Deutsche Bank 2017 Capital Requirements Lowered in ECB Review

  • Joins other European banks benefiting from lower requirements
  • ECB’s review results come days after bank settled DoJ probe

Deutsche Bank, Credit Suisse Settle With DOJ

Deutsche Bank AG will have to clear a lower capital hurdle next year, joining other European lenders who are benefiting from a change in how the European Central Bank sets the requirements.

The lender’s minimum phase-in common equity tier 1 ratio, a measure of financial strength, was set at 9.51 percent for next year in the ECB’s Supervisory Review and Evaluation Process, or SREP, Frankfurt-based Deutsche Bank said Tuesday in a statement. That’s down from the current requirement of 10.76 percent and below the bank’s last reported CET1 ratio of 12.58 percent.

The outcome of the review could further alleviate concerns about the bank’s capital strength, after it agreed last week to a $7.2 billion settlement to end a U.S. investigation that had roiled Deutsche Bank’s shares. The settlement, for about half the amount U.S. authorities had initially sought, removed the biggest challenge for Chief Executive Officer John Cryan as he tries to restructure the bank.

Deutsche Bank, which has rallied 66 percent from its record low on Sept. 26, fell 1.5 percent at 1:07 p.m. in Frankfurt.

Many banks in the euro zone are seeing lower capital requirements after the ECB, which supervises the biggest lenders, replaced a portion of binding requirements with non-binding guidance. The change makes it less likely that banks will face restrictions on dividends, bonuses and some coupon payments.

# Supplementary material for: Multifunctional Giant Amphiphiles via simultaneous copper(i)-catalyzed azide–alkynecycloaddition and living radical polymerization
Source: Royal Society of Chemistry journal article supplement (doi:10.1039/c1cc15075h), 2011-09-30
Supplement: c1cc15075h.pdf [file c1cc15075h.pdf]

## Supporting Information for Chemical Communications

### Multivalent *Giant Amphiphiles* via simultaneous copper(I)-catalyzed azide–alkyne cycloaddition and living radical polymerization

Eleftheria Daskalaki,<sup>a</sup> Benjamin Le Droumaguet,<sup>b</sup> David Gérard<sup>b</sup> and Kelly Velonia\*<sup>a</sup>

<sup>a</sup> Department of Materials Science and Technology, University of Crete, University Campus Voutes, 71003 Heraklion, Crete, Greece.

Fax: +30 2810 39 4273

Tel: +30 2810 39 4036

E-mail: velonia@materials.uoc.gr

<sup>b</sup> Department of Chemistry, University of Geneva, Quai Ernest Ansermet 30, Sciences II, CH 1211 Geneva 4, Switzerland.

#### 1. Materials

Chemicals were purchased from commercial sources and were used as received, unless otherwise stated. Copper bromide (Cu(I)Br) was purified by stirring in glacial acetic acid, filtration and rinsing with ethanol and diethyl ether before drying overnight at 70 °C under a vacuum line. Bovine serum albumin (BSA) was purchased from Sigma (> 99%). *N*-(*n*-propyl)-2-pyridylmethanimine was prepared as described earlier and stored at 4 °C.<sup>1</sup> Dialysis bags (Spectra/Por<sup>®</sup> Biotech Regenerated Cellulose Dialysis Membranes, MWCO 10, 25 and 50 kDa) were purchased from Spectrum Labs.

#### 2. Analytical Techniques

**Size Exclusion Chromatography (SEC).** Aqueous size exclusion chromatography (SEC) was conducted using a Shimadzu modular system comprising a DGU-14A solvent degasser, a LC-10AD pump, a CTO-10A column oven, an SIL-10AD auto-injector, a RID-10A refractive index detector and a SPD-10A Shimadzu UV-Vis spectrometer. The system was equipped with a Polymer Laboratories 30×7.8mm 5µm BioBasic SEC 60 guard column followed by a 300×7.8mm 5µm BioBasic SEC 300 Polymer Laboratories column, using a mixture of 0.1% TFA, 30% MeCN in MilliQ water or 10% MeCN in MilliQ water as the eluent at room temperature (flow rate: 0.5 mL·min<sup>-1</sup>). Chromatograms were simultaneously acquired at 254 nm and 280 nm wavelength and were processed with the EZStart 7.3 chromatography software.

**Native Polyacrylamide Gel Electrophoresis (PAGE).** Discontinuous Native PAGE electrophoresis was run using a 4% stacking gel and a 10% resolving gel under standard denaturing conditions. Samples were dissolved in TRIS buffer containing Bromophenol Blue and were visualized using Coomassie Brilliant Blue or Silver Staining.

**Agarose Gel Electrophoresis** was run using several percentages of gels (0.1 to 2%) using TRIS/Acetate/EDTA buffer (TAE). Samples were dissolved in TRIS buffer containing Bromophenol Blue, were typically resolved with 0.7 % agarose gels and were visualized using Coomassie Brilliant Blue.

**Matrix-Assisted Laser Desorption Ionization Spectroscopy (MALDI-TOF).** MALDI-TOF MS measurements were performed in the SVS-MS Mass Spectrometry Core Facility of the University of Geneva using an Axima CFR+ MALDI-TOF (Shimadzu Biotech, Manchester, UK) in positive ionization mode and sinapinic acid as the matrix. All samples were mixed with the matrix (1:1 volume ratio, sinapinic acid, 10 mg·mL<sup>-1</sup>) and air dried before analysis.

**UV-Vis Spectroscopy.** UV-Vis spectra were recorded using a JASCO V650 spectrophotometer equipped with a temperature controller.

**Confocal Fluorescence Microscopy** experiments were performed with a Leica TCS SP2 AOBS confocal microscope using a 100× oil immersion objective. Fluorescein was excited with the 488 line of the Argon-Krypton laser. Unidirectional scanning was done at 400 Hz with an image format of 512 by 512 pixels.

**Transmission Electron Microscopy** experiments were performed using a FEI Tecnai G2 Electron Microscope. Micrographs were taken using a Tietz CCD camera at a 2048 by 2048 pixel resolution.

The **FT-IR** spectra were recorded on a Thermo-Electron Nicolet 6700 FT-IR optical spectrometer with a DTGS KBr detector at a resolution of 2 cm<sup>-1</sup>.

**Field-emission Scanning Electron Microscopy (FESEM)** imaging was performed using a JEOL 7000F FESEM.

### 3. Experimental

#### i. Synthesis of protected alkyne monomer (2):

For more on how the ECB is changing capital requirements, click here.

Banks are unlikely to trim capital levels, even if minimum requirements drop, Fitch Ratings said in a report last week.

Concern about Deutsche Bank’s financial strength intensified after the lender in September said the U.S. Department of Justice had requested $14 billion to settle its investigation, which focused on how the bank sold mortgage-backed securities in the run-up to the 2008 financial crisis. 

Last week’s settlement of that probe will hit Deutsche Bank’s pretax profit by $1.2 billion this quarter as the firm taps existing legal reserves to blunt much of its cost. The agreement included a $3.1 billion civil penalty and $4.1 billion in relief to consumers. The latter will cause no immediate cost but may prove a drag on earnings in future years.

— With assistance by Paul Gordon, and Yalman Onaran

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